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North Korea pushing ‘full steam ahead’ with nuclear program, IAEA chief warns member states

North Korea pushing ‘full steam ahead’ with nuclear program, IAEA chief warns member states
The United Nations atomic watchdog has warned that North Korea’s nuclear program is progressing “full steam ahead,” after reporting last month that Pyongyang appeared to have restarted a plutonium-producing nuclear reactor.

During an annual meeting of International Atomic Energy Agency (IAEA) member states on Monday, the agency’s Director-General Rafael Grossi said that the country had resumed “work on plutonium separation, uranium enrichment, and other activities.”

Based on satellite imagery, the IAEA stated in its annual report in August that a five-megawatt reactor at the country’s Yongbyon nuclear complex had been put back into operation sometime in early July, after apparently being idle since December 2018.

The agency had observed discharges of cooling water “consistent with the operation of the reactor,” but it could not “confirm either the operational status” of the facilities listed in the report or the “nature and purpose of activities conducted therein.”

Since Pyongyang expelled IAEA inspectors in 2009, the nuclear watchdog has been primarily reliant on satellite imagery and so-called “open-source information” in its reporting on North Korea (DPRK). Noting that the nuclear activities were “cause for serious concern,” the agency reported a number of “deeply troubling” indicators.

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According to the report, a steam plant serving the radiochemical laboratory at the complex had been operational for some five months earlier in the year. Although it stopped working in early July, the agency suggested the time frame was sufficient for reprocessing work to separate plutonium from spent reactor fuel, as well as uranium mining activity, to have occurred.

In recent weeks, a number of media outlets have reported on continuing construction at the Yongbyon Nuclear Scientific Research Center – with the work attributed to the apparent expansion of a uranium enrichment plant within the facility.

The Yongbyon complex, situated 100 kilometers (62 miles) north of the capital Pyongyang, is the country’s largest and best-known nuclear facility, said to be responsible for producing the fissile material used in six nuclear tests, according to the South Korean JoongAng Daily newspaper.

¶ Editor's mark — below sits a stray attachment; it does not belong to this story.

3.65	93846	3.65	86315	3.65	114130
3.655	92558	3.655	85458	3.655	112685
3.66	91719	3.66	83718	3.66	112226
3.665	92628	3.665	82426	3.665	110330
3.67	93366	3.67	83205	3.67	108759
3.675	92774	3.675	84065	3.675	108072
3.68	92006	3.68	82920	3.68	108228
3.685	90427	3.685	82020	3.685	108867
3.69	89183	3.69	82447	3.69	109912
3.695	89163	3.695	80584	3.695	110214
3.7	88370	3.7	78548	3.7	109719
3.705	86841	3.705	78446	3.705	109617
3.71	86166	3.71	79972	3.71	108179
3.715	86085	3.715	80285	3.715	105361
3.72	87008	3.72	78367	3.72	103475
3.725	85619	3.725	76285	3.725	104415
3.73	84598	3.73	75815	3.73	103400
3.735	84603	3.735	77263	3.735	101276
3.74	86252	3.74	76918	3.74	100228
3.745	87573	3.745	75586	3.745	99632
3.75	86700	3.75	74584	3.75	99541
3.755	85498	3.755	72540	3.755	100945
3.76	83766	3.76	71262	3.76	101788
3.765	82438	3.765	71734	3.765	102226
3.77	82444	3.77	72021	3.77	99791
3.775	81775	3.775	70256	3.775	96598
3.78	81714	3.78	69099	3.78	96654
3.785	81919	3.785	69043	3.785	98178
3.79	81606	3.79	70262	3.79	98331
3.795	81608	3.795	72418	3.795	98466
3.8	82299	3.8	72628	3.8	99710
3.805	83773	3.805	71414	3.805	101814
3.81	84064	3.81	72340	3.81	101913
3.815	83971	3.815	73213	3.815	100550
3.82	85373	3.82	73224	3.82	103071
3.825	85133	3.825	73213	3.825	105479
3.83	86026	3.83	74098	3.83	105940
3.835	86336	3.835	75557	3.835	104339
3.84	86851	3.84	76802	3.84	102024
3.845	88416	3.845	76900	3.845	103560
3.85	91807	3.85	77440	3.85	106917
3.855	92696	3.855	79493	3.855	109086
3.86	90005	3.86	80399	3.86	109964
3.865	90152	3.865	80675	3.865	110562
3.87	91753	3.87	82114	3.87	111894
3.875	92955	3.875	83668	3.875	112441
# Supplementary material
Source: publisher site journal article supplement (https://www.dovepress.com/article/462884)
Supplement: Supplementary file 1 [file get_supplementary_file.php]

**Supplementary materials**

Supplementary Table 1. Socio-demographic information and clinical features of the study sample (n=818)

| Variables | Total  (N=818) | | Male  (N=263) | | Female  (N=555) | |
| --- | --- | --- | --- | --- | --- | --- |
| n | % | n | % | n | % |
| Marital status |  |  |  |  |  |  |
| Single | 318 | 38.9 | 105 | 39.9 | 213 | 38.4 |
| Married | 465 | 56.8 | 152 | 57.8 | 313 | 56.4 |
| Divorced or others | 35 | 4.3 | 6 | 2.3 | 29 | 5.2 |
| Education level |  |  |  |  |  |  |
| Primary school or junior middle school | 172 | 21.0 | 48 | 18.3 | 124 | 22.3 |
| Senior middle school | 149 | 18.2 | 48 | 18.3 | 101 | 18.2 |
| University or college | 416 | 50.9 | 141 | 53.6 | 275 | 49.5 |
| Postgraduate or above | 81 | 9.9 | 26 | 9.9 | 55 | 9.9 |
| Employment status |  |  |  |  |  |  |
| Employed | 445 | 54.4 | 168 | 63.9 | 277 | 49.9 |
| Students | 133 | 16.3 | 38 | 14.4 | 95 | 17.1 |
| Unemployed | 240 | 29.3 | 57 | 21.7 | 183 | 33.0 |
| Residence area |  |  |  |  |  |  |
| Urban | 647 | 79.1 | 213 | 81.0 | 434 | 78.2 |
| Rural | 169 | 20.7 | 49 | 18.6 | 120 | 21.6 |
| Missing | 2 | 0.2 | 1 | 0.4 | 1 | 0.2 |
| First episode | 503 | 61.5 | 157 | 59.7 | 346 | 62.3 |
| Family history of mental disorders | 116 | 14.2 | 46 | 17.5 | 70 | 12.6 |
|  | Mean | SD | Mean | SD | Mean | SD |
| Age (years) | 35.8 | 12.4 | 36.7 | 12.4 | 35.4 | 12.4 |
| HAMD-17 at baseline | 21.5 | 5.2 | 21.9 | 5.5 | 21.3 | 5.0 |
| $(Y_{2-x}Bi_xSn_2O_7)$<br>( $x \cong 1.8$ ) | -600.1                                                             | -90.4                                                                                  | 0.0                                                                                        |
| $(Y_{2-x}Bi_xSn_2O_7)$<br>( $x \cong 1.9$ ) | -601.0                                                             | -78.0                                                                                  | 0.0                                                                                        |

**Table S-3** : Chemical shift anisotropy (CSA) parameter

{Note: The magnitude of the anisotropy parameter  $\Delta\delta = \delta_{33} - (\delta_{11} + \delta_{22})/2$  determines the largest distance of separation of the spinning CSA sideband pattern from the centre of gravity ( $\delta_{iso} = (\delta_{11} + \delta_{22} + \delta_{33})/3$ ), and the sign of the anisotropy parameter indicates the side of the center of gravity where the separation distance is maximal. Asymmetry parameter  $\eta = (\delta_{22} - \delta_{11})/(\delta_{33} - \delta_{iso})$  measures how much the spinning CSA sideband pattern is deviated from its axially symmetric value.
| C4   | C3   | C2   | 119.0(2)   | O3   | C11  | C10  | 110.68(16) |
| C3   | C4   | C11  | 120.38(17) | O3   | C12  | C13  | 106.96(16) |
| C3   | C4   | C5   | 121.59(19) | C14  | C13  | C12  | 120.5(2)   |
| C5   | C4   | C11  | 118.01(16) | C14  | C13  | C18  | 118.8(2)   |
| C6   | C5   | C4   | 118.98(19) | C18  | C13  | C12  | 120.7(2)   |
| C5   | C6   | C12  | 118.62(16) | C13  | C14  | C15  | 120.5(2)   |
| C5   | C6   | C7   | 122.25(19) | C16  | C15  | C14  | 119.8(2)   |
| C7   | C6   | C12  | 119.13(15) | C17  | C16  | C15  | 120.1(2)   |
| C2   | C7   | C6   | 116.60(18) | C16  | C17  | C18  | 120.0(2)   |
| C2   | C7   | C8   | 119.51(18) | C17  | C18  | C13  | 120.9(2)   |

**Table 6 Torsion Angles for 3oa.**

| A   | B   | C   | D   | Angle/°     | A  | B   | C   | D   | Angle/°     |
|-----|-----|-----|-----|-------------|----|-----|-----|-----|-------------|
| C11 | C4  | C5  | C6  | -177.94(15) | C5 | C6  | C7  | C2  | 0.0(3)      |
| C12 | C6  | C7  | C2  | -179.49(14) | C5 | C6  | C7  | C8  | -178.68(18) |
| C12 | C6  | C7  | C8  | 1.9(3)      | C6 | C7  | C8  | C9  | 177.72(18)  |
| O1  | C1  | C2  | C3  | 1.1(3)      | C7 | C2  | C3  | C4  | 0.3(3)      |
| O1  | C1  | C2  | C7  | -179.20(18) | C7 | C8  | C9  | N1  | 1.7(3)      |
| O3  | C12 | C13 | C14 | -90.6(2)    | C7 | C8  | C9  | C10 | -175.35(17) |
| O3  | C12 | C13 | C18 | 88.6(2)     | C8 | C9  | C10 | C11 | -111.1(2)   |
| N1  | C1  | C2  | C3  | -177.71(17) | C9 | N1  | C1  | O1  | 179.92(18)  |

The paper reported that the complex’s reactors had been largely inactive for years, with periodic activity observed at the uranium plant. Citing a study released last week by the US-based Middlebury Institute of International Studies, the paper noted that satellite images showed a walled space had been created out of a previously forested area next to the uranium enrichment plant.

The new construction was deemed sufficient to “house 1,000 additional centrifuges,” according to the report, which calculated that the increased capacity would enable the plant to raise its production of “highly enriched uranium by 25 percent.”

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In a report to the IAEA’s board of directors last week, Grossi said the agency had monitored activity at the Yongbyon nuclear complex from mid-February to early July. While the centrifuge enrichment facility appeared not to be operational at the time of the agency’s August report, Grossi reportedly said cooling units from the facility had since been removed.

In addition to Yongbyon, the IAEA also apparently observed signs of ongoing construction activities at a light water reactor being built at the Kangson nuclear complex outside Pyongyang.

While North Korea has yet to comment on the new reports, last year it labelled the IAEA “a marionette dancing to the tune of the hostile forces against the DPRK,” and dismissed a previous report as being “completely pervaded with guesswork and fabrication.”

Earlier this month, the reclusive country carried out tests of a new long-range cruise missile and reportedly fired two unidentified projectiles – thought to be ballistic missiles – into the Sea of Japan. Pyongyang had repeatedly threatened to resume testing of its long-range missiles after denuclearization talks with the US stalled.

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